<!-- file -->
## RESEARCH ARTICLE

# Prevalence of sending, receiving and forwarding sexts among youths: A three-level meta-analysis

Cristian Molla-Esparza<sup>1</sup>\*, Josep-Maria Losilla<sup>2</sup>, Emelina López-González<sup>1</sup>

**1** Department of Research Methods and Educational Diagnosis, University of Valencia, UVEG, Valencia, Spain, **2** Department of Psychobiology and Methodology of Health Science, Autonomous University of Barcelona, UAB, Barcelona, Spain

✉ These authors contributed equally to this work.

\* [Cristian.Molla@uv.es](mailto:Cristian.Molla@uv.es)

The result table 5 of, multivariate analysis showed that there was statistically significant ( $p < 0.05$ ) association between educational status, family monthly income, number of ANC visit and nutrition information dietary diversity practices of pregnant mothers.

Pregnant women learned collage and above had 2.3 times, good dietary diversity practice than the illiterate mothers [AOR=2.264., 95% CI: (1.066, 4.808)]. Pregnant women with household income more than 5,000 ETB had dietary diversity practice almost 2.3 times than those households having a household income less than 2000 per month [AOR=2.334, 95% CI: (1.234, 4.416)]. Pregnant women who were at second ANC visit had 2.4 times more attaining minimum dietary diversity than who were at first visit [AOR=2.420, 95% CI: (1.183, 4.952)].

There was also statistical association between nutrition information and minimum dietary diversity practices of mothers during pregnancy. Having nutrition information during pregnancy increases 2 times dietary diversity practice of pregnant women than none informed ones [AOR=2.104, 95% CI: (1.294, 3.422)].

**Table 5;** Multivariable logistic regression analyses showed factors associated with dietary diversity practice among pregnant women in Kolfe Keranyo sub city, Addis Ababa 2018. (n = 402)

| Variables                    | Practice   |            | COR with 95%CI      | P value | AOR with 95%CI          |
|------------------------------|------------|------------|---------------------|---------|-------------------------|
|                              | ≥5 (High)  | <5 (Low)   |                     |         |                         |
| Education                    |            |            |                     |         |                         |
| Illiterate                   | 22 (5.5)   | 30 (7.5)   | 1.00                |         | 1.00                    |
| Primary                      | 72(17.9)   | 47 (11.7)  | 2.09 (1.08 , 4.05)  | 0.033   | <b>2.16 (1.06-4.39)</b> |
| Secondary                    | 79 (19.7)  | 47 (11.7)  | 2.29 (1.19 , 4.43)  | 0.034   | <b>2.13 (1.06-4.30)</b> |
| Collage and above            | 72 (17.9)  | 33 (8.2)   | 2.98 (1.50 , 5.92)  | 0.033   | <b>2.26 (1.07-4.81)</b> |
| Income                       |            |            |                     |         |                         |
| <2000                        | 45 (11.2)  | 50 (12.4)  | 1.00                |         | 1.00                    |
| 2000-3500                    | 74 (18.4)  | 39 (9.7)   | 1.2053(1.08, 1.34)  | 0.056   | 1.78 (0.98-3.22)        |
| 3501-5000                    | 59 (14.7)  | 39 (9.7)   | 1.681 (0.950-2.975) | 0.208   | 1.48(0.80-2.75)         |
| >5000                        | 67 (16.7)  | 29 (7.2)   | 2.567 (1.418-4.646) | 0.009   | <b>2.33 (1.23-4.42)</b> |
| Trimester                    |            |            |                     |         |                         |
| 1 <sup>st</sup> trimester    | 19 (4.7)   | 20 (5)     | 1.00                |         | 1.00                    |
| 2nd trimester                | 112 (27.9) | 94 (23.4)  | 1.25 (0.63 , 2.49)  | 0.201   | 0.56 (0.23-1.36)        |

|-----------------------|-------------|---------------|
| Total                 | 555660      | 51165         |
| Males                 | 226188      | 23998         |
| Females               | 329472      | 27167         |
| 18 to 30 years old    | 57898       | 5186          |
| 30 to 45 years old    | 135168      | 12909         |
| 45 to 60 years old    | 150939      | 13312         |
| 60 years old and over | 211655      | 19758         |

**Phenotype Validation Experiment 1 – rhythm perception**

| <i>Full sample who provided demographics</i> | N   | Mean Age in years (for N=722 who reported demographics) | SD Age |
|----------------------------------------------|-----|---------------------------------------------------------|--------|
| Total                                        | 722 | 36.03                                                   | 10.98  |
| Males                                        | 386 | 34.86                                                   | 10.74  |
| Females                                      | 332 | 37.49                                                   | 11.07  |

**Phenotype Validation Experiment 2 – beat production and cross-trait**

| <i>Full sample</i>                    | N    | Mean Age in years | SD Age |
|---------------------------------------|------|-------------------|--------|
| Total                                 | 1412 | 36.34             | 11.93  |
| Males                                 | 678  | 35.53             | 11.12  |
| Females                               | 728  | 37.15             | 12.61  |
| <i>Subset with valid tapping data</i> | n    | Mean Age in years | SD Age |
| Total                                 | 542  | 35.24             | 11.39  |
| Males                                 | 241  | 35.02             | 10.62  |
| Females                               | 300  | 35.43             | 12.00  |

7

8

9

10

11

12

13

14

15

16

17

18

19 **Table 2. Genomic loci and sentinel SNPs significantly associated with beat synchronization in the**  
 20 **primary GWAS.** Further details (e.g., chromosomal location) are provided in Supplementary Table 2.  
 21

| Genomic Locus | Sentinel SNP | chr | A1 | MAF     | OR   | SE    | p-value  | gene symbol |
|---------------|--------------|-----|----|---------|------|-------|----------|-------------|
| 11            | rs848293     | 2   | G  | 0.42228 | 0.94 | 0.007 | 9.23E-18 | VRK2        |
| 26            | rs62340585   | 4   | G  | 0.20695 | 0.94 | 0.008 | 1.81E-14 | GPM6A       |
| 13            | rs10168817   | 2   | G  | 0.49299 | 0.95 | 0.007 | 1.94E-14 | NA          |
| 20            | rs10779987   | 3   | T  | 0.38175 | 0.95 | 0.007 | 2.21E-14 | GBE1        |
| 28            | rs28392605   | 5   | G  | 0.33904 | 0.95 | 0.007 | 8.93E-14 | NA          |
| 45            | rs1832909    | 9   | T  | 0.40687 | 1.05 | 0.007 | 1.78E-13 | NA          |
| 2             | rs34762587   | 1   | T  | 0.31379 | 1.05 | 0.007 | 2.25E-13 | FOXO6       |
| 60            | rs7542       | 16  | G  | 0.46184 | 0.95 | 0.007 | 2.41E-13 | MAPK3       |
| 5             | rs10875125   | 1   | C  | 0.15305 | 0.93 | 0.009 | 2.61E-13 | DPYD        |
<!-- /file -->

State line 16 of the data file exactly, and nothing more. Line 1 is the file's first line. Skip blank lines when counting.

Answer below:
| Primary                      | 72(17.9)   | 47 (11.7)  | 2.09 (1.08 , 4.05)  | 0.033   | <b>2.16 (1.06-4.39)</b> |